Tuesday, May 28, 2024

Man called gym coach ‘f**king pervert’ and accused him of inappropriately touching his wife, WRC hears

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Gym operator Bettystown Leisure Ltd, trading as Integral Fitness and Leisure, told the Workplace Relations Commission (WRC) yesterday its that former member Nedas Juknevicius is not welcome back because of his alleged conduct towards staff.

It has denied Mr Juknevicius’s claim under the Equal Status Act, in which he alleges he was victimised in connection with an equality matter when the club declined to renew his membership because he complained that his wife was sexually harassed.

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Its owner, businessman Brian Browning, said Mr Juknevicius had made “off-the-Richter scale” allegations of sexual harassment against one of its most senior employees but these turned out to be unfounded.

The gym’s position was that Mr Juknevicius later tried to treat the matter as a “little misunderstanding” – and that the patron looked for a free membership at one point.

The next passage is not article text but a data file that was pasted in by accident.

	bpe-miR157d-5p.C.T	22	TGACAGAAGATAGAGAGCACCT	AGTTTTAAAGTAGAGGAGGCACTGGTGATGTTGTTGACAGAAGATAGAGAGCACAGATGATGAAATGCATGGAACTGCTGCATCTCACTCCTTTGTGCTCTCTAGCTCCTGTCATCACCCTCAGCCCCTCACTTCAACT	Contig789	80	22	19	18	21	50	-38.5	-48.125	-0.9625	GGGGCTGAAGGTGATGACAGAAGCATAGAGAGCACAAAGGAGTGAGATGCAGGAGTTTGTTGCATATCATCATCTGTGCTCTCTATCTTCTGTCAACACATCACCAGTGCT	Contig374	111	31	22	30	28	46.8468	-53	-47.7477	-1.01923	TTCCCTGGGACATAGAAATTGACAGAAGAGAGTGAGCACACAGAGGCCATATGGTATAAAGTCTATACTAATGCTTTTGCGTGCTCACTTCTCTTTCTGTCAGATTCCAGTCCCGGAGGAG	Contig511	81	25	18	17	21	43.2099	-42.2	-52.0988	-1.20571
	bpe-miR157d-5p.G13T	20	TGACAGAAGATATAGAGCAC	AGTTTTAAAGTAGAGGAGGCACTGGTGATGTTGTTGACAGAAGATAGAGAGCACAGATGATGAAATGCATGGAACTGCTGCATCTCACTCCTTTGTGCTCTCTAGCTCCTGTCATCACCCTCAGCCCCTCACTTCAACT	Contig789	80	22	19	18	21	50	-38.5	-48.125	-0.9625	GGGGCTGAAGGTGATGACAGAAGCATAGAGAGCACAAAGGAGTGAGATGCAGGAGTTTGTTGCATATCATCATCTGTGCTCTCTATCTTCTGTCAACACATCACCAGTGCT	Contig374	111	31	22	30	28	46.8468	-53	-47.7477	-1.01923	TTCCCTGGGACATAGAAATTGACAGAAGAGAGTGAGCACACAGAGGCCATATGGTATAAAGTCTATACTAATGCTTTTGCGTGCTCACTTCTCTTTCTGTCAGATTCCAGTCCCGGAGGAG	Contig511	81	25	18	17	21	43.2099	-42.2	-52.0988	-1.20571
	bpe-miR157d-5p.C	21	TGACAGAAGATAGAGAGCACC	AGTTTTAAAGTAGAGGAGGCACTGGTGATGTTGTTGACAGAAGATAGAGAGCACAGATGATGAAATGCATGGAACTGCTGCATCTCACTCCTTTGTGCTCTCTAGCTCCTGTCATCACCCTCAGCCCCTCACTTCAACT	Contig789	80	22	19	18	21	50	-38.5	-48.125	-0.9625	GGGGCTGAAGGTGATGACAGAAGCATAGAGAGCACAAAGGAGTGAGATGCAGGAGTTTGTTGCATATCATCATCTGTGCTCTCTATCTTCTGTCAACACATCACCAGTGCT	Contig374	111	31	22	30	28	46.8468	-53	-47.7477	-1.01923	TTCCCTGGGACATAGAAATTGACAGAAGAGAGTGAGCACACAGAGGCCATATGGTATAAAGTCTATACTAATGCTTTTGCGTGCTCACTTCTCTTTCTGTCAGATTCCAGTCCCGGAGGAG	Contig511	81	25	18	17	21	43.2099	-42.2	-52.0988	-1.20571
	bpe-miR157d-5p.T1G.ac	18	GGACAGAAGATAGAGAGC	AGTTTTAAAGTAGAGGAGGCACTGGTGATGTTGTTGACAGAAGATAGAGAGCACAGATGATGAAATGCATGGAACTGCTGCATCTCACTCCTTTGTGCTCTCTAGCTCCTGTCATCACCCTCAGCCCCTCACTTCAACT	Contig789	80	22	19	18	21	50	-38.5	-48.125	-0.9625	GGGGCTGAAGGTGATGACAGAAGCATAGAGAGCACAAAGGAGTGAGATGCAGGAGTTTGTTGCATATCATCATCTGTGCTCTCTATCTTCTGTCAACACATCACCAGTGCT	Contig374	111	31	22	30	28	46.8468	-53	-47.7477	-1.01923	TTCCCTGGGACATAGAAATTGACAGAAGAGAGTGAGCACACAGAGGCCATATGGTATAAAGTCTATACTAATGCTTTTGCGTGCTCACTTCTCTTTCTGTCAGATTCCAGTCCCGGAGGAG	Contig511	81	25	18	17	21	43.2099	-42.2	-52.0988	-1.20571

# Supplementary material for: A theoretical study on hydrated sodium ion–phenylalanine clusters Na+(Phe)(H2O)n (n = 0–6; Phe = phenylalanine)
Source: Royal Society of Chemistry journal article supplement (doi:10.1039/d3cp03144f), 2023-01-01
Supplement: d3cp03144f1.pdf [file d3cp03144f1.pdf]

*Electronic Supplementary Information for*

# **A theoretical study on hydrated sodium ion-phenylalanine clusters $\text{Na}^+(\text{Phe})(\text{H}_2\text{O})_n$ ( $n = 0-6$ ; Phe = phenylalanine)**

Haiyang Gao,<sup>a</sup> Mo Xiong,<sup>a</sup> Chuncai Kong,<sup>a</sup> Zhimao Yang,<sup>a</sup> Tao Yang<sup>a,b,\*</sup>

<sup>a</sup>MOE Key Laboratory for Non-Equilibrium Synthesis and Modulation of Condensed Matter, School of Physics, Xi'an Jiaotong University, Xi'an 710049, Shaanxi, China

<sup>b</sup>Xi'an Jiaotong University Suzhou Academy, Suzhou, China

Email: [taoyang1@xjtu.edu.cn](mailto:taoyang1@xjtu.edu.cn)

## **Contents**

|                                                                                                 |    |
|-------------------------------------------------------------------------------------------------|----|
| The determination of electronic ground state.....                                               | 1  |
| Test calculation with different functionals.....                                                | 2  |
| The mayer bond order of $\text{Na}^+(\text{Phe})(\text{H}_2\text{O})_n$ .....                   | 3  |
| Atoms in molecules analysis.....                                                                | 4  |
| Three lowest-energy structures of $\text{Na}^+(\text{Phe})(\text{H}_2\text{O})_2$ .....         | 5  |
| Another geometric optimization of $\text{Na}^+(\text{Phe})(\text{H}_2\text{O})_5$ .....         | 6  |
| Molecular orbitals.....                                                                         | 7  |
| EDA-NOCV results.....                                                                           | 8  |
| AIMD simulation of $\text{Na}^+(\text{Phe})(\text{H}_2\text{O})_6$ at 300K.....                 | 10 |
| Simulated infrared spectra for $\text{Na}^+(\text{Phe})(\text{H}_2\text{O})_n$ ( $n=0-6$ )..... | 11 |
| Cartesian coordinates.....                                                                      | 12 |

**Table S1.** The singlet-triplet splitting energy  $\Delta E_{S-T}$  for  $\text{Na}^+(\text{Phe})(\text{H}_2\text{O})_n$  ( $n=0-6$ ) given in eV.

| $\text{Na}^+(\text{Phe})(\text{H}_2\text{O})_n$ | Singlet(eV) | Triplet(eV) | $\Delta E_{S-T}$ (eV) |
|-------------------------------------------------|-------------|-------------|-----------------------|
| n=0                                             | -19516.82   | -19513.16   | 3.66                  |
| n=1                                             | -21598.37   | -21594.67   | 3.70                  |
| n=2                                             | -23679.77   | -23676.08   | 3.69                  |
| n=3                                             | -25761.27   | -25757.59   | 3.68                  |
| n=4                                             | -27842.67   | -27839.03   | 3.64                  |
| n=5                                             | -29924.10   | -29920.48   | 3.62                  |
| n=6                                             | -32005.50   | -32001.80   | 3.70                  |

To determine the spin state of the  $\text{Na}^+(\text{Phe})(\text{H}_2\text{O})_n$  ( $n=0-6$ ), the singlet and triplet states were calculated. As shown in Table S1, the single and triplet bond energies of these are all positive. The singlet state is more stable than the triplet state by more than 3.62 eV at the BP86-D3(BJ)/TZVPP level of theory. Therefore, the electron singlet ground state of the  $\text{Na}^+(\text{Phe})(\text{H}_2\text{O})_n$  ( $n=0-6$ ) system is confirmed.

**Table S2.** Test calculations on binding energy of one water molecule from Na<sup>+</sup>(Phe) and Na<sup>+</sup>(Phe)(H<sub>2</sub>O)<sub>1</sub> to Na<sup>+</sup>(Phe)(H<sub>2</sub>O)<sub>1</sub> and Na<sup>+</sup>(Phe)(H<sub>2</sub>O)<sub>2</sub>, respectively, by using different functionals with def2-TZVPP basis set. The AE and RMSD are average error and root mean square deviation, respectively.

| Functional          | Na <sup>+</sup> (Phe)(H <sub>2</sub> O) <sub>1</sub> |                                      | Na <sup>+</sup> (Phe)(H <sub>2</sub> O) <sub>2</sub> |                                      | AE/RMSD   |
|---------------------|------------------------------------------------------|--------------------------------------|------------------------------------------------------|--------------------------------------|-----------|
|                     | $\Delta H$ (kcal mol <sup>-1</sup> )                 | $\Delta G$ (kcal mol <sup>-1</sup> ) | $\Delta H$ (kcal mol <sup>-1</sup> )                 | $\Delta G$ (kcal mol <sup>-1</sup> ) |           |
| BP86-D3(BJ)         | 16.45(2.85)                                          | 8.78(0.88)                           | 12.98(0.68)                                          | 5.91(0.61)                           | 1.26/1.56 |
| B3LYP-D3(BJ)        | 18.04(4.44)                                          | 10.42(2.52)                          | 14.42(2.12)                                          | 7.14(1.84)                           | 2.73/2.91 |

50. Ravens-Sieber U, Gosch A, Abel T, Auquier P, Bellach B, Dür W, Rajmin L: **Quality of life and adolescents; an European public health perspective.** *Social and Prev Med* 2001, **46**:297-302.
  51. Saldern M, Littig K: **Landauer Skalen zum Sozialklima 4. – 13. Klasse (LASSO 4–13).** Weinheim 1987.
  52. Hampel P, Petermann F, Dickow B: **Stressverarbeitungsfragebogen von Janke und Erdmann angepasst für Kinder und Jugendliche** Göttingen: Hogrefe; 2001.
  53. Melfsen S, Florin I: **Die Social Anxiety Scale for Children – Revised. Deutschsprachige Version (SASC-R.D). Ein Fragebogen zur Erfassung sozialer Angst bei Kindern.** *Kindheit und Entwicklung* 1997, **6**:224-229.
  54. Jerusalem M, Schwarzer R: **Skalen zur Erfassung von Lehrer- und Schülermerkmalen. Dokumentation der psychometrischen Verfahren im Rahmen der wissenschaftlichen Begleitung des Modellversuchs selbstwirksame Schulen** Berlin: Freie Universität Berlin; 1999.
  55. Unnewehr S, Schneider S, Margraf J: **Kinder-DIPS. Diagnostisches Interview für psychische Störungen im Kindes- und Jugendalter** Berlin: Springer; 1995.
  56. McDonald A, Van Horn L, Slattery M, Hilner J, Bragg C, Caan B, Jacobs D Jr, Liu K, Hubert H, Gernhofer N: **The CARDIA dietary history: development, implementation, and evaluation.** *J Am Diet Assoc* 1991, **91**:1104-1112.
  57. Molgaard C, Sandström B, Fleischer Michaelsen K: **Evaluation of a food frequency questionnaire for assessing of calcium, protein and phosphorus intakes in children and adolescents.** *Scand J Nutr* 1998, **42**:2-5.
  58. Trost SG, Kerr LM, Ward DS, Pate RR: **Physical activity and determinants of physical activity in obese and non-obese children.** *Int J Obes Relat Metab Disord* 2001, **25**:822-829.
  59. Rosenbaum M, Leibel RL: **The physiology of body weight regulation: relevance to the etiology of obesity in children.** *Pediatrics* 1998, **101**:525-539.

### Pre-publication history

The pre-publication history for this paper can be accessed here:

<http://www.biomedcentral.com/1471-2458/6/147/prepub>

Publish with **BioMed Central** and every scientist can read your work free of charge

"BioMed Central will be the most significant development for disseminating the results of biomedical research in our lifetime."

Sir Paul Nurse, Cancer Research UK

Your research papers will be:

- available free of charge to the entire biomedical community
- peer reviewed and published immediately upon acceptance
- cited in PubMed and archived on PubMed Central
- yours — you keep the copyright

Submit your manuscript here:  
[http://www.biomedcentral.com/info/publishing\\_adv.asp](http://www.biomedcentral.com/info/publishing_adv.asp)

The WRC was told the dispute arose when Mr Juknevicius came to the gym on March 28 last year and sought out fitness instructor Guy Bates, whom he accused of inappropriately touching his wife during a fitness class the evening before.

The allegation was denied at all stages by the trainer. Mr Juknevicius’s wife made no appearance at the hearing.

Mr Bates said in evidence that he pulled up CCTV footage from the class to show to Mr Juknevicius, but that the man refused to look at it and the matter “escalated”.

“[He] called me a f**king pervert on many occasions. As a father, as someone well established in the community from years of participating in sport, I’ve never experienced anything like that and my initial reaction was shock,” Mr Bates said.

“After he said it again, my reaction was, ‘If you call me that again I’ll’ – excuse my language – ‘f**king kill you’. Obviously it’s not the greatest response in the world, but it’s the first time I’ve ever experienced anything like that.”

He said his colleague Andrea Hanova “jumped in” and told Mr Juknevicius to be quiet but Mr Juknevicius “kept going on and on”.

Another colleague, Karolis Jukonis, then came upon the incident and asked the complainant to “calm down” and Mr Juknevicius went upstairs to a different part of the gym with Mr Jukonis, the WRC was told.

Mr Browning said the company investigation concluded there was “nothing of a sexual nature involved in the action” by Mr Bates and that he thought, following an “off-the-record” meeting with Mr Juknevicius, that the couple had accepted its findings.

He said the investigation found Mr Juknevicius’s wife had been in an exercise class “full of women” led by Mr Bates and was performing an exercise which required her to lie on her back with her legs straight up in the air, but she was having difficulty performing the action.